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Stem cell-derived HCV infection systems illustrate the bright future of human hepatocyte research
  1. Ype P de Jong1,2,
  2. T Jake Liang3
  1. 1 Division of Gastroenterology and Hepatology, Weill Cornell Medicine, New York, New York, USA
  2. 2 Laboratory of Virology and Infectious Disease, The Rockefeller University, New York, New York, USA
  3. 3 Liver Diseases Branch, NIDDK, National Institutes of Health, Bethesda, Maryland, USA
  1. Correspondence to Dr Ype P de Jong; ydj2001{at}; Dr T Jake Liang; jakel{at}

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Most cells in the body can produce the cytokine interferon (IFN) in response to viral infections. IFN produced by virus-infected cell signals in both autocrine and paracrine fashion through the janus kinase/signal transducer and activator of transcription (Jak/STAT) pathway to activate interferon stimulated genes (ISG). There are over 400 ISG with numerous antiviral functions. Depending on the virus and the cell type, subsets of ISG are induced that help clear the infection. Thus, the IFN-ISG pathways are complex networks that form the first response to viral infections.1

For many decades, chronic hepatitis C virus (HCV) infection was the leading cause of advanced liver disease in many nations around the world. Exposure to HCV leads to spontaneous clearance in 20%–30% of individuals, while the majority develop chronic infection that can lead to advanced liver disease. On exposure to HCV, human livers respond by producing a number of ISG. Based on several observations, ISGs have long been postulated to play a key role in HCV clearance. Since the early 1990s high doses of recombinant IFNα became the first effective treatment for HCV infection. For over two decades, various formulations of IFNα remained …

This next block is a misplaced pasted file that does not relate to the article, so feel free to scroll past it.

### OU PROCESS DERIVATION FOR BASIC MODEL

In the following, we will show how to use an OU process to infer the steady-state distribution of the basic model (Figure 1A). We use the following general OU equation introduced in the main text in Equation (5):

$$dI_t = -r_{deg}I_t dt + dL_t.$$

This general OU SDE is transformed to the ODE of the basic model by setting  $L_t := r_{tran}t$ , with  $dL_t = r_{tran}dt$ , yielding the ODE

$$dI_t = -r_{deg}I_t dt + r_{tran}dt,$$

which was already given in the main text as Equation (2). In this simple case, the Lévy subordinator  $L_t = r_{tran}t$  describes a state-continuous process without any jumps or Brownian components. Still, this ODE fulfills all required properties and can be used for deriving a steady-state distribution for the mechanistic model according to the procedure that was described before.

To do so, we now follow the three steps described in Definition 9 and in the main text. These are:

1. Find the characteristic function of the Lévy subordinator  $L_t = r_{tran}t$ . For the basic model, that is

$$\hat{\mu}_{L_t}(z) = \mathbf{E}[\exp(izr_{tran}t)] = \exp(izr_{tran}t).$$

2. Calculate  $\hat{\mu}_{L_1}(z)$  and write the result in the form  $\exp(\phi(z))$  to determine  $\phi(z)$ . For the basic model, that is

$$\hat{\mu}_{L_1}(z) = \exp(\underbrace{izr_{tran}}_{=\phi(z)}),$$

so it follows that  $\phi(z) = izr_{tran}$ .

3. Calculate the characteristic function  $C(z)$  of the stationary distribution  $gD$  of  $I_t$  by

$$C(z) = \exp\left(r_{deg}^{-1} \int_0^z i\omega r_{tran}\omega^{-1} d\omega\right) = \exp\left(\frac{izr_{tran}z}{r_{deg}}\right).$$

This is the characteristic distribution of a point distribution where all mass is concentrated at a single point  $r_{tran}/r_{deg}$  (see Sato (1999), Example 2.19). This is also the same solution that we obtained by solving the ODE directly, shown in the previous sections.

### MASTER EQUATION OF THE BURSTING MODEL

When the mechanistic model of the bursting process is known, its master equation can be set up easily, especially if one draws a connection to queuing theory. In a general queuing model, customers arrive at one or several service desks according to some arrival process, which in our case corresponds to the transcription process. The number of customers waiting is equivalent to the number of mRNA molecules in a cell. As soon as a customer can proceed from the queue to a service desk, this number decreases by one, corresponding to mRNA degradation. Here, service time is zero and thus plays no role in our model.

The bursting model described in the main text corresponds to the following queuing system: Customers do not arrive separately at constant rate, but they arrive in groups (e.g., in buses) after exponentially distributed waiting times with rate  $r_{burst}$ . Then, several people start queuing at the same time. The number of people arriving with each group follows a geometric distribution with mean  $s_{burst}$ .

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  • Contributors Both authors equally conceived, composed, reviewed and finalised the submitted articles.

  • Funding The authors have not declared a specific grant for this research from any funding agency in the public, commercial or not-for-profit sectors.

  • Competing interests None declared.

  • Patient and public involvement Patients and/or the public were not involved in the design, or conduct, or reporting, or dissemination plans of this research.

  • Patient consent for publication Not required.

  • Provenance and peer review Commissioned; internally peer reviewed.

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